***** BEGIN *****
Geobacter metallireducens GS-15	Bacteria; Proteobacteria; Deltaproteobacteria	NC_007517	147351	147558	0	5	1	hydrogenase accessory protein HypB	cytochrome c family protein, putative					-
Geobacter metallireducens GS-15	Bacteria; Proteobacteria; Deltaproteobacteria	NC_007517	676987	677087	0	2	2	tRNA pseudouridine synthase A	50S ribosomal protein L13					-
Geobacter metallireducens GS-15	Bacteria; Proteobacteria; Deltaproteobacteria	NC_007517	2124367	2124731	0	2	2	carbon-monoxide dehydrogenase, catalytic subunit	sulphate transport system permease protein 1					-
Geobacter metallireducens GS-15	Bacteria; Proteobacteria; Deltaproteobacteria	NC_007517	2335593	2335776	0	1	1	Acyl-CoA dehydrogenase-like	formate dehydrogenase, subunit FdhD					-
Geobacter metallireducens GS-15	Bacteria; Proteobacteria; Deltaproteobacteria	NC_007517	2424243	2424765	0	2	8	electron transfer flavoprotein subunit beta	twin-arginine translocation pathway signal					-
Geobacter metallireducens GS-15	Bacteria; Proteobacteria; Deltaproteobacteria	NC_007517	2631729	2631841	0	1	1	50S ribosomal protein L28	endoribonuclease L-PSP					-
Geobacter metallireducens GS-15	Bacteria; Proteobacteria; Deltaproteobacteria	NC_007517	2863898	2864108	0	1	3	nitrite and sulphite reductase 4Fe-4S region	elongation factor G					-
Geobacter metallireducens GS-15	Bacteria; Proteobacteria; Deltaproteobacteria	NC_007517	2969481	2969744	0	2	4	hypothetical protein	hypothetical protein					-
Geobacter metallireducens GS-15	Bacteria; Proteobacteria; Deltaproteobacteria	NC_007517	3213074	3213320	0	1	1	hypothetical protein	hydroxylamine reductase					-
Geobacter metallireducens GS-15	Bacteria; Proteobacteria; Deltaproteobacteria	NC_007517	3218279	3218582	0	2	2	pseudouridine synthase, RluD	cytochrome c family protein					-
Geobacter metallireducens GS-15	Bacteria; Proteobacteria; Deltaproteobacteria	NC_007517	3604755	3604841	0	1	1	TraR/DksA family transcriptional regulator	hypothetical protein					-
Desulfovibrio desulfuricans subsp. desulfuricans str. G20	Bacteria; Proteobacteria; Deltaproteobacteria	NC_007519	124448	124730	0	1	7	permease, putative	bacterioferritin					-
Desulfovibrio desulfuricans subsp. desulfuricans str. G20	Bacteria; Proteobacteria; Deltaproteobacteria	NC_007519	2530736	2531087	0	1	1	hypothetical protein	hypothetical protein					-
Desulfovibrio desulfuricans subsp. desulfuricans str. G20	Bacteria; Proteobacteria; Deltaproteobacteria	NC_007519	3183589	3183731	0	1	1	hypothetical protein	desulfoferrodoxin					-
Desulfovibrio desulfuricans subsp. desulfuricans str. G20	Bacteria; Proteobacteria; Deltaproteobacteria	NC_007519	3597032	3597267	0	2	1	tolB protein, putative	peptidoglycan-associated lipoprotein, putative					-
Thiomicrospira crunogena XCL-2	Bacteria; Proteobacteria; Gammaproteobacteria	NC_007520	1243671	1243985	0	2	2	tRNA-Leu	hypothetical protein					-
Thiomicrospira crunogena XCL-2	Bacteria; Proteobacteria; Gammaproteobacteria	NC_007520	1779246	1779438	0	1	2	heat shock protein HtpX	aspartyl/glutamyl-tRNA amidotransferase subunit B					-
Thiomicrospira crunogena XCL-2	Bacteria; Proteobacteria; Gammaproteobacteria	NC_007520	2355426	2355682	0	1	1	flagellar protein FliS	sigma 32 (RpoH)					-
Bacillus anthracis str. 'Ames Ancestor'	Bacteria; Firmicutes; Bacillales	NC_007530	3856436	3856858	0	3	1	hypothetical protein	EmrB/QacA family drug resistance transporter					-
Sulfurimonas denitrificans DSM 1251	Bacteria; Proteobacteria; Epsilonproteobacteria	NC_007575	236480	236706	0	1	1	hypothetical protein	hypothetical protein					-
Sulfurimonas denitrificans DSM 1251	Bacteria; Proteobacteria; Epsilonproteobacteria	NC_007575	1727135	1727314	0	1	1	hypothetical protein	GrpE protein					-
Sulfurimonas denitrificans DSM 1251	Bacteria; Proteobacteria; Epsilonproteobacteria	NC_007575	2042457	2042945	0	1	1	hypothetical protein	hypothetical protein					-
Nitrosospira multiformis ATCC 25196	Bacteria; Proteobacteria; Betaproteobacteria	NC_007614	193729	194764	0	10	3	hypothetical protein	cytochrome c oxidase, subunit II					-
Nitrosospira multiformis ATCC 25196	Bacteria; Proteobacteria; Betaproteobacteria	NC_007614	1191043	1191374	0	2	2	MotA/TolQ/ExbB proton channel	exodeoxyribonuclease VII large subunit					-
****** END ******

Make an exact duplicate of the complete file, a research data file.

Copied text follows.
Geobacter metallireducens GS-15	Bacteria; Proteobacteria; Deltaproteobacteria	NC_007517	147351	147558	0	5	1	hydrogenase accessory protein HypB	cytochrome c family protein, putative					-
Geobacter metallireducens GS-15	Bacteria; Proteobacteria; Deltaproteobacteria	NC_007517	676987	677087	0	2	2	tRNA pseudouridine synthase A	50S ribosomal protein L13					-
Geobacter metallireducens GS-15	Bacteria; Proteobacteria; Deltaproteobacteria	NC_007517	2124367	2124731	0	2	2	carbon-monoxide dehydrogenase, catalytic subunit	sulphate transport system permease protein 1					-
Geobacter metallireducens GS-15	Bacteria; Proteobacteria; Deltaproteobacteria	NC_007517	2335593	2335776	0	1	1	Acyl-CoA dehydrogenase-like	formate dehydrogenase, subunit FdhD					-
Geobacter metallireducens GS-15	Bacteria; Proteobacteria; Deltaproteobacteria	NC_007517	2424243	2424765	0	2	8	electron transfer flavoprotein subunit beta	twin-arginine translocation pathway signal					-
Geobacter metallireducens GS-15	Bacteria; Proteobacteria; Deltaproteobacteria	NC_007517	2631729	2631841	0	1	1	50S ribosomal protein L28	endoribonuclease L-PSP					-
Geobacter metallireducens GS-15	Bacteria; Proteobacteria; Deltaproteobacteria	NC_007517	2863898	2864108	0	1	3	nitrite and sulphite reductase 4Fe-4S region	elongation factor G					-
Geobacter metallireducens GS-15	Bacteria; Proteobacteria; Deltaproteobacteria	NC_007517	2969481	2969744	0	2	4	hypothetical protein	hypothetical protein					-
Geobacter metallireducens GS-15	Bacteria; Proteobacteria; Deltaproteobacteria	NC_007517	3213074	3213320	0	1	1	hypothetical protein	hydroxylamine reductase					-
Geobacter metallireducens GS-15	Bacteria; Proteobacteria; Deltaproteobacteria	NC_007517	3218279	3218582	0	2	2	pseudouridine synthase, RluD	cytochrome c family protein					-
Geobacter metallireducens GS-15	Bacteria; Proteobacteria; Deltaproteobacteria	NC_007517	3604755	3604841	0	1	1	TraR/DksA family transcriptional regulator	hypothetical protein					-
Desulfovibrio desulfuricans subsp. desulfuricans str. G20	Bacteria; Proteobacteria; Deltaproteobacteria	NC_007519	124448	124730	0	1	7	permease, putative	bacterioferritin					-
Desulfovibrio desulfuricans subsp. desulfuricans str. G20	Bacteria; Proteobacteria; Deltaproteobacteria	NC_007519	2530736	2531087	0	1	1	hypothetical protein	hypothetical protein					-
Desulfovibrio desulfuricans subsp. desulfuricans str. G20	Bacteria; Proteobacteria; Deltaproteobacteria	NC_007519	3183589	3183731	0	1	1	hypothetical protein	desulfoferrodoxin					-
Desulfovibrio desulfuricans subsp. desulfuricans str. G20	Bacteria; Proteobacteria; Deltaproteobacteria	NC_007519	3597032	3597267	0	2	1	tolB protein, putative	peptidoglycan-associated lipoprotein, putative					-
Thiomicrospira crunogena XCL-2	Bacteria; Proteobacteria; Gammaproteobacteria	NC_007520	1243671	1243985	0	2	2	tRNA-Leu	hypothetical protein					-
Thiomicrospira crunogena XCL-2	Bacteria; Proteobacteria; Gammaproteobacteria	NC_007520	1779246	1779438	0	1	2	heat shock protein HtpX	aspartyl/glutamyl-tRNA amidotransferase subunit B					-
Thiomicrospira crunogena XCL-2	Bacteria; Proteobacteria; Gammaproteobacteria	NC_007520	2355426	2355682	0	1	1	flagellar protein FliS	sigma 32 (RpoH)					-
Bacillus anthracis str. 'Ames Ancestor'	Bacteria; Firmicutes; Bacillales	NC_007530	3856436	3856858	0	3	1	hypothetical protein	EmrB/QacA family drug resistance transporter					-
Sulfurimonas denitrificans DSM 1251	Bacteria; Proteobacteria; Epsilonproteobacteria	NC_007575	236480	236706	0	1	1	hypothetical protein	hypothetical protein					-
Sulfurimonas denitrificans DSM 1251	Bacteria; Proteobacteria; Epsilonproteobacteria	NC_007575	1727135	1727314	0	1	1	hypothetical protein	GrpE protein					-
Sulfurimonas denitrificans DSM 1251	Bacteria; Proteobacteria; Epsilonproteobacteria	NC_007575	2042457	2042945	0	1	1	hypothetical protein	hypothetical protein					-
Nitrosospira multiformis ATCC 25196	Bacteria; Proteobacteria; Betaproteobacteria	NC_007614	193729	194764	0	10	3	hypothetical protein	cytochrome c oxidase, subunit II					-
Nitrosospira multiformis ATCC 25196	Bacteria; Proteobacteria; Betaproteobacteria	NC_007614	1191043	1191374	0	2	2	MotA/TolQ/ExbB proton channel	exodeoxyribonuclease VII large subunit					-